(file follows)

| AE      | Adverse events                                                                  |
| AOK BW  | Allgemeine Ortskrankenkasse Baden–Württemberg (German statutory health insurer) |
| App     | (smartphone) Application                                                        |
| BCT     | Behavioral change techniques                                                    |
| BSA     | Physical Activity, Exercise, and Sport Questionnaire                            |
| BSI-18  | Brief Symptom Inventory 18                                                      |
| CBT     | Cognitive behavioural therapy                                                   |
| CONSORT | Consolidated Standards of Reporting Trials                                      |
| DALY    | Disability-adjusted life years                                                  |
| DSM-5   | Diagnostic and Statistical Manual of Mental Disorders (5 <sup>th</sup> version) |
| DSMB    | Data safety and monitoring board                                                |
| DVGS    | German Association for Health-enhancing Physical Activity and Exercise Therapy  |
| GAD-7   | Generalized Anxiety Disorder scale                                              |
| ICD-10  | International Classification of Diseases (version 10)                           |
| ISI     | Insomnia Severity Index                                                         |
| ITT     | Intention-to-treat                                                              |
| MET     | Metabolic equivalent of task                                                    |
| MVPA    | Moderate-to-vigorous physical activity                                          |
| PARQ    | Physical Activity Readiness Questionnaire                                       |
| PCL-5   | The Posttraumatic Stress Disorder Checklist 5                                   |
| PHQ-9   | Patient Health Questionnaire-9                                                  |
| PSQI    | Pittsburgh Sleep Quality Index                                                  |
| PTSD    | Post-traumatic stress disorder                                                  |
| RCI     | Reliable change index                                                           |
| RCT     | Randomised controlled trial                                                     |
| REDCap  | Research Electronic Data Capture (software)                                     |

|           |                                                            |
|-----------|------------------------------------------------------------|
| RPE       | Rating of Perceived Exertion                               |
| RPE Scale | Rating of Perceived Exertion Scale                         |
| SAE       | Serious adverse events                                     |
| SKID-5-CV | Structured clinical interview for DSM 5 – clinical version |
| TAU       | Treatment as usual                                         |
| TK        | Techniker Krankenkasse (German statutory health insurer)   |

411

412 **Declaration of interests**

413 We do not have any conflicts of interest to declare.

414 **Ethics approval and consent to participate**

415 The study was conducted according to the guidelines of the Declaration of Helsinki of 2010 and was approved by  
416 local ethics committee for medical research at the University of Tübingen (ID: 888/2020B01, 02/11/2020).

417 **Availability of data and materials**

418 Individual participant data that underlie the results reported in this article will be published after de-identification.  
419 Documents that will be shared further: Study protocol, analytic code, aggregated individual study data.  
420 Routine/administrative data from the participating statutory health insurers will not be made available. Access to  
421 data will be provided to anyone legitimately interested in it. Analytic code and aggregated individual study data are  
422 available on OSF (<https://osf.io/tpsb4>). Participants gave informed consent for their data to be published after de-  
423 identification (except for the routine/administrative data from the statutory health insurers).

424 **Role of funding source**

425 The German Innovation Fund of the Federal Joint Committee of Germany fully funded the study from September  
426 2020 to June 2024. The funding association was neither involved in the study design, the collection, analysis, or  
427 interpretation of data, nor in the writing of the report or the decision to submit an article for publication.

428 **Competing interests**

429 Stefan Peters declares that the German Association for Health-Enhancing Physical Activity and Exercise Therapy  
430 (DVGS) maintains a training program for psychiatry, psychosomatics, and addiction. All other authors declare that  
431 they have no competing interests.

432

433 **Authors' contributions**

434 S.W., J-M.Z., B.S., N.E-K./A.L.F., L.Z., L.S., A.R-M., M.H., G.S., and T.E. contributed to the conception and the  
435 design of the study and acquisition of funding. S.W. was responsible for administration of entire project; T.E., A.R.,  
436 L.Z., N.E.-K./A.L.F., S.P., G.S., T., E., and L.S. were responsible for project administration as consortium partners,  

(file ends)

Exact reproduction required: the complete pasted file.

| AE      | Adverse events                                                                  |
| AOK BW  | Allgemeine Ortskrankenkasse Baden–Württemberg (German statutory health insurer) |
| App     | (smartphone) Application                                                        |
| BCT     | Behavioral change techniques                                                    |
| BSA     | Physical Activity, Exercise, and Sport Questionnaire                            |
| BSI-18  | Brief Symptom Inventory 18                                                      |
| CBT     | Cognitive behavioural therapy                                                   |
| CONSORT | Consolidated Standards of Reporting Trials                                      |
| DALY    | Disability-adjusted life years                                                  |
| DSM-5   | Diagnostic and Statistical Manual of Mental Disorders (5 <sup>th</sup> version) |
| DSMB    | Data safety and monitoring board                                                |
| DVGS    | German Association for Health-enhancing Physical Activity and Exercise Therapy  |
| GAD-7   | Generalized Anxiety Disorder scale                                              |
| ICD-10  | International Classification of Diseases (version 10)                           |
| ISI     | Insomnia Severity Index                                                         |
| ITT     | Intention-to-treat                                                              |
| MET     | Metabolic equivalent of task                                                    |
| MVPA    | Moderate-to-vigorous physical activity                                          |
| PARQ    | Physical Activity Readiness Questionnaire                                       |
| PCL-5   | The Posttraumatic Stress Disorder Checklist 5                                   |
| PHQ-9   | Patient Health Questionnaire-9                                                  |
| PSQI    | Pittsburgh Sleep Quality Index                                                  |
| PTSD    | Post-traumatic stress disorder                                                  |
| RCI     | Reliable change index                                                           |
| RCT     | Randomised controlled trial                                                     |
| REDCap  | Research Electronic Data Capture (software)                                     |

|           |                                                            |
|-----------|------------------------------------------------------------|
| RPE       | Rating of Perceived Exertion                               |
| RPE Scale | Rating of Perceived Exertion Scale                         |
| SAE       | Serious adverse events                                     |
| SKID-5-CV | Structured clinical interview for DSM 5 – clinical version |
| TAU       | Treatment as usual                                         |
| TK        | Techniker Krankenkasse (German statutory health insurer)   |

411

412 **Declaration of interests**

413 We do not have any conflicts of interest to declare.

414 **Ethics approval and consent to participate**

415 The study was conducted according to the guidelines of the Declaration of Helsinki of 2010 and was approved by  
416 local ethics committee for medical research at the University of Tübingen (ID: 888/2020B01, 02/11/2020).

417 **Availability of data and materials**

418 Individual participant data that underlie the results reported in this article will be published after de-identification.  
419 Documents that will be shared further: Study protocol, analytic code, aggregated individual study data.  
420 Routine/administrative data from the participating statutory health insurers will not be made available. Access to  
421 data will be provided to anyone legitimately interested in it. Analytic code and aggregated individual study data are  
422 available on OSF (<https://osf.io/tpsb4>). Participants gave informed consent for their data to be published after de-  
423 identification (except for the routine/administrative data from the statutory health insurers).

424 **Role of funding source**

425 The German Innovation Fund of the Federal Joint Committee of Germany fully funded the study from September  
426 2020 to June 2024. The funding association was neither involved in the study design, the collection, analysis, or  
427 interpretation of data, nor in the writing of the report or the decision to submit an article for publication.

428 **Competing interests**

429 Stefan Peters declares that the German Association for Health-Enhancing Physical Activity and Exercise Therapy  
430 (DVGS) maintains a training program for psychiatry, psychosomatics, and addiction. All other authors declare that  
431 they have no competing interests.

432

433 **Authors' contributions**

434 S.W., J-M.Z., B.S., N.E-K./A.L.F., L.Z., L.S., A.R-M., M.H., G.S., and T.E. contributed to the conception and the  
435 design of the study and acquisition of funding. S.W. was responsible for administration of entire project; T.E., A.R.,  
436 L.Z., N.E.-K./A.L.F., S.P., G.S., T., E., and L.S. were responsible for project administration as consortium partners,  